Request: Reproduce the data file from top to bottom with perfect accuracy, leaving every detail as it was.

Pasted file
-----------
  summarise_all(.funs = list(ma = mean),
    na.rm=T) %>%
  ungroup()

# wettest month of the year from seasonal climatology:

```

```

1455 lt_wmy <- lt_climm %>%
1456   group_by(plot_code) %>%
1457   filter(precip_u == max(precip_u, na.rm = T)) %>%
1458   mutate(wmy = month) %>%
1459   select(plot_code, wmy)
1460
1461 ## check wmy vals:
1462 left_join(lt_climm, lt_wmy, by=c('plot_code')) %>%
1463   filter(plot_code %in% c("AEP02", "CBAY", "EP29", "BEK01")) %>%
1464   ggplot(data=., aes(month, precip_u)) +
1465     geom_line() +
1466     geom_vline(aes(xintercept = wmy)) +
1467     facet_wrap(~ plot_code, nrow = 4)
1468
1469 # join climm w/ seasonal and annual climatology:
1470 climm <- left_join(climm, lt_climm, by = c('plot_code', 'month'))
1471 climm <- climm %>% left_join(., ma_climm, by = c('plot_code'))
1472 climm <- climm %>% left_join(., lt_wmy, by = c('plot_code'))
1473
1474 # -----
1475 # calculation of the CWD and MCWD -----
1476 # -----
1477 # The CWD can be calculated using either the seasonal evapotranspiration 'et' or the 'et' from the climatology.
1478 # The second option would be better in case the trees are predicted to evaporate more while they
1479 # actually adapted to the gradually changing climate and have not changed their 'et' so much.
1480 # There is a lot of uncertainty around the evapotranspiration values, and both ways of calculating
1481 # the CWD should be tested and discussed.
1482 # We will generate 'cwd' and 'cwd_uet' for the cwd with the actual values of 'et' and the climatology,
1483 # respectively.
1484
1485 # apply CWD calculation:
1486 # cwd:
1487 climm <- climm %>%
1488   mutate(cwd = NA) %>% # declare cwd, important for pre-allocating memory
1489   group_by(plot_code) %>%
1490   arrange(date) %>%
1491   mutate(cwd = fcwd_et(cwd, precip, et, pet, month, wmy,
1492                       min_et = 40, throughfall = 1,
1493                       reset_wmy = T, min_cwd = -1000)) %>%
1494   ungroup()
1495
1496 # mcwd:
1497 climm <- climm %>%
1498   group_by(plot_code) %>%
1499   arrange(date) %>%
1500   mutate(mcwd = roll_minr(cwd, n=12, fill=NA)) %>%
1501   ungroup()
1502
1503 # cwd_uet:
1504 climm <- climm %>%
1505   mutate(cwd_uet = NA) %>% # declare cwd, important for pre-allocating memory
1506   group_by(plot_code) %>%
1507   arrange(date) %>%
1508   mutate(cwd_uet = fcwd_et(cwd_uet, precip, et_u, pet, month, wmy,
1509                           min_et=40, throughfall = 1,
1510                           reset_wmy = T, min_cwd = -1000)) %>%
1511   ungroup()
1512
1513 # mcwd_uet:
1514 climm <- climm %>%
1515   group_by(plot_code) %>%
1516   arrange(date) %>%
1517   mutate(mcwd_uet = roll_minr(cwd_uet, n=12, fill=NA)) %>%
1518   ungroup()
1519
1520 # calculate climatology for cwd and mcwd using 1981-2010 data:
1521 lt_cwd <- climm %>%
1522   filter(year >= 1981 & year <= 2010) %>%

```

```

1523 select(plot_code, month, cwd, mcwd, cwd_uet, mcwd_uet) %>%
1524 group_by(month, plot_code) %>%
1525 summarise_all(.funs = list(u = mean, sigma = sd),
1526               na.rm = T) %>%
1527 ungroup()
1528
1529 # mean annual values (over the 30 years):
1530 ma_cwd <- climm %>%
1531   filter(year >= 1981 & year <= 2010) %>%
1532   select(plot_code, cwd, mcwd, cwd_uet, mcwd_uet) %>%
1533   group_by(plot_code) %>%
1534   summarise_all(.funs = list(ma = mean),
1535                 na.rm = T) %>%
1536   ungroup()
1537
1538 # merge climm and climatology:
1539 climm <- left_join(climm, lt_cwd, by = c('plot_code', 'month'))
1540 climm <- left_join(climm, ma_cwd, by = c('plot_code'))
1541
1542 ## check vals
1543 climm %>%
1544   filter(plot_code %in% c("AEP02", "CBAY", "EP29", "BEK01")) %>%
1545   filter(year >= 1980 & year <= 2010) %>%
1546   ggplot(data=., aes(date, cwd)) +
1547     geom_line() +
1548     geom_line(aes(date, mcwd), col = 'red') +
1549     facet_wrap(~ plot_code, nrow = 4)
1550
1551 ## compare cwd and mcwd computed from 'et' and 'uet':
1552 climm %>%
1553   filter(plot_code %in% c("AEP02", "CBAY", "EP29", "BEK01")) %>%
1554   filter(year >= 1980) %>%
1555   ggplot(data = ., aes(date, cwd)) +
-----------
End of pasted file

  summarise_all(.funs = list(ma = mean),
    na.rm=T) %>%
  ungroup()

# wettest month of the year from seasonal climatology:

```

```

1455 lt_wmy <- lt_climm %>%
1456   group_by(plot_code) %>%
1457   filter(precip_u == max(precip_u, na.rm = T)) %>%
1458   mutate(wmy = month) %>%
1459   select(plot_code, wmy)
1460
1461 ## check wmy vals:
1462 left_join(lt_climm, lt_wmy, by=c('plot_code')) %>%
1463   filter(plot_code %in% c("AEP02", "CBAY", "EP29", "BEK01")) %>%
1464   ggplot(data=., aes(month, precip_u)) +
1465     geom_line() +
1466     geom_vline(aes(xintercept = wmy)) +
1467     facet_wrap(~ plot_code, nrow = 4)
1468
1469 # join climm w/ seasonal and annual climatology:
1470 climm <- left_join(climm, lt_climm, by = c('plot_code', 'month'))
1471 climm <- climm %>% left_join(., ma_climm, by = c('plot_code'))
1472 climm <- climm %>% left_join(., lt_wmy, by = c('plot_code'))
1473
1474 # -----
1475 # calculation of the CWD and MCWD -----
1476 # -----
1477 # The CWD can be calculated using either the seasonal evapotranspiration 'et' or the 'et' from the climatology.
1478 # The second option would be better in case the trees are predicted to evaporate more while they
1479 # actually adapted to the gradually changing climate and have not changed their 'et' so much.
1480 # There is a lot of uncertainty around the evapotranspiration values, and both ways of calculating
1481 # the CWD should be tested and discussed.
1482 # We will generate 'cwd' and 'cwd_uet' for the cwd with the actual values of 'et' and the climatology,
1483 # respectively.
1484
1485 # apply CWD calculation:
1486 # cwd:
1487 climm <- climm %>%
1488   mutate(cwd = NA) %>% # declare cwd, important for pre-allocating memory
1489   group_by(plot_code) %>%
1490   arrange(date) %>%
1491   mutate(cwd = fcwd_et(cwd, precip, et, pet, month, wmy,
1492                       min_et = 40, throughfall = 1,
1493                       reset_wmy = T, min_cwd = -1000)) %>%
1494   ungroup()
1495
1496 # mcwd:
1497 climm <- climm %>%
1498   group_by(plot_code) %>%
1499   arrange(date) %>%
1500   mutate(mcwd = roll_minr(cwd, n=12, fill=NA)) %>%
1501   ungroup()
1502
1503 # cwd_uet:
1504 climm <- climm %>%
1505   mutate(cwd_uet = NA) %>% # declare cwd, important for pre-allocating memory
1506   group_by(plot_code) %>%
1507   arrange(date) %>%
1508   mutate(cwd_uet = fcwd_et(cwd_uet, precip, et_u, pet, month, wmy,
1509                           min_et=40, throughfall = 1,
1510                           reset_wmy = T, min_cwd = -1000)) %>%
1511   ungroup()
1512
1513 # mcwd_uet:
1514 climm <- climm %>%
1515   group_by(plot_code) %>%
1516   arrange(date) %>%
1517   mutate(mcwd_uet = roll_minr(cwd_uet, n=12, fill=NA)) %>%
1518   ungroup()
1519
1520 # calculate climatology for cwd and mcwd using 1981-2010 data:
1521 lt_cwd <- climm %>%
1522   filter(year >= 1981 & year <= 2010) %>%

```

```

1523 select(plot_code, month, cwd, mcwd, cwd_uet, mcwd_uet) %>%
1524 group_by(month, plot_code) %>%
1525 summarise_all(.funs = list(u = mean, sigma = sd),
1526               na.rm = T) %>%
1527 ungroup()
1528
1529 # mean annual values (over the 30 years):
1530 ma_cwd <- climm %>%
1531   filter(year >= 1981 & year <= 2010) %>%
1532   select(plot_code, cwd, mcwd, cwd_uet, mcwd_uet) %>%
1533   group_by(plot_code) %>%
1534   summarise_all(.funs = list(ma = mean),
1535                 na.rm = T) %>%
1536   ungroup()
1537
1538 # merge climm and climatology:
1539 climm <- left_join(climm, lt_cwd, by = c('plot_code', 'month'))
1540 climm <- left_join(climm, ma_cwd, by = c('plot_code'))
1541
1542 ## check vals
1543 climm %>%
1544   filter(plot_code %in% c("AEP02", "CBAY", "EP29", "BEK01")) %>%
1545   filter(year >= 1980 & year <= 2010) %>%
1546   ggplot(data=., aes(date, cwd)) +
1547     geom_line() +
1548     geom_line(aes(date, mcwd), col = 'red') +
1549     facet_wrap(~ plot_code, nrow = 4)
1550
1551 ## compare cwd and mcwd computed from 'et' and 'uet':
1552 climm %>%
1553   filter(plot_code %in% c("AEP02", "CBAY", "EP29", "BEK01")) %>%
1554   filter(year >= 1980) %>%
1555   ggplot(data = ., aes(date, cwd)) +